The advertiser did not provide complete copies of any studies or other documentary material insupport of the representations made in the advertisement.
Findings of the Panel
13.
 
The Panel was satisfied that the advertisement, taken as a whole, clearly represented the advertisedproducts to constitute an effective alternative to vaccination, and to be effective in the prevention of,or immunisation against, childhood diseases including pertussis, pneumococcal disease, polio,haemophilis, meningococcal disease, tetanus, measles, hepatitis B, rubella, influenza, diphtheria,mumps, and chicken pox. The Panel was also satisfied that a reasonable consumer viewing theadvertisement would take it to convey that the products had been scientifically demonstrated to havesuch effects.14.
 
Section 4(1)(b) of the Code requires that advertisements for therapeutic goods “contain correct andbalanced statements only and claims which the sponsor has already verified.” Section 4(2)(a) of theCode prohibits representations that are “likely to arouse unwarranted and unrealistic expectations of product effectiveness”. Section 4(2)(c) of the Code prohibits representations that “mislead directly orby implication or through emphasis, comparisons, contrasts or omissions”. Section 4(2)(d) of theCode prohibits advertisements which “abuse the trust or exploit the lack of knowledge of consumersor contain language which could bring about fear or distress.”15.
 
The advertiser did not provide copies of any studies or other documentary material in support of theclaims made in the advertisement, only including links to material which the Panel foundunacceptable as supporting material for the claims. It should be noted, however, that the Panel has (inrelation to prior complaints) received a number of submissions related to homeoprophylaxis productsand has yet to see even minimally persuasive evidence in support of claims such as those made in theadvertisement. On the contrary, the Panel was satisfied that the present body of evidence is whollyunsupportive of claims about homeoprophylaxis such as those made in the advertisement.16.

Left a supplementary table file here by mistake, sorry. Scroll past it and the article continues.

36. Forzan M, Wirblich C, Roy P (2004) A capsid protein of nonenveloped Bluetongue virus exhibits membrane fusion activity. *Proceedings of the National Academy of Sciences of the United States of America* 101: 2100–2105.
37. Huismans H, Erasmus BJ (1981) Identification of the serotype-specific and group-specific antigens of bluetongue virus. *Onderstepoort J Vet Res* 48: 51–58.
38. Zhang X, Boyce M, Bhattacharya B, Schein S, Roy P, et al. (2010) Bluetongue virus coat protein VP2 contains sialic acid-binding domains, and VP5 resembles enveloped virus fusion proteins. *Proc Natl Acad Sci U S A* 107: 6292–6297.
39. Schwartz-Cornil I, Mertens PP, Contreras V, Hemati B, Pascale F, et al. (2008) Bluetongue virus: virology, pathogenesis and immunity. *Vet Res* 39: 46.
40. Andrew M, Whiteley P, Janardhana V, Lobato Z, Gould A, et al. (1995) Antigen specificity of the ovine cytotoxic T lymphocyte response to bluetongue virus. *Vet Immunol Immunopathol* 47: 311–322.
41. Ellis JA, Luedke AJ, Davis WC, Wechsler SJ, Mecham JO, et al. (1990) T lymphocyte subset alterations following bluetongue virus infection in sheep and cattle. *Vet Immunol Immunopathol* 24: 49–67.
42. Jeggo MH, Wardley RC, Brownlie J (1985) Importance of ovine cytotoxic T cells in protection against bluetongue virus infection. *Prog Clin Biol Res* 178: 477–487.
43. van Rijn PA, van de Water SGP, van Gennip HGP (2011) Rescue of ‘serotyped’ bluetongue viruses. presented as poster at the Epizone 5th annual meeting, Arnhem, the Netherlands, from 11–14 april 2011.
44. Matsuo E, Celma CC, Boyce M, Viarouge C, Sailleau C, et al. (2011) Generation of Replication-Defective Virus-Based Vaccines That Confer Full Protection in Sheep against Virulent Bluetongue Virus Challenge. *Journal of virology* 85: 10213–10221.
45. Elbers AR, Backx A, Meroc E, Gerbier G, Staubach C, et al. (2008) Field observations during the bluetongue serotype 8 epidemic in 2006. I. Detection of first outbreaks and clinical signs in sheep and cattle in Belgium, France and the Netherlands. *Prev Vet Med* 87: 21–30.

In the absence of any persuasive submission from the advertiser, the Panel was satisfied that theadvertisement contained many representations that had not been verified, were not correct andbalanced, were likely to arouse unwarranted and unrealistic expectations, and were misleading, inbreach of sections 4(1)(b), 4(2)(a), and 4(2)(c) of the Code. These included the representations thatthe advertised products constitute an effective alternative to vaccination, that they are effective in theprevention of, or immunisation against, childhood diseases including pertussis, pneumococcal disease,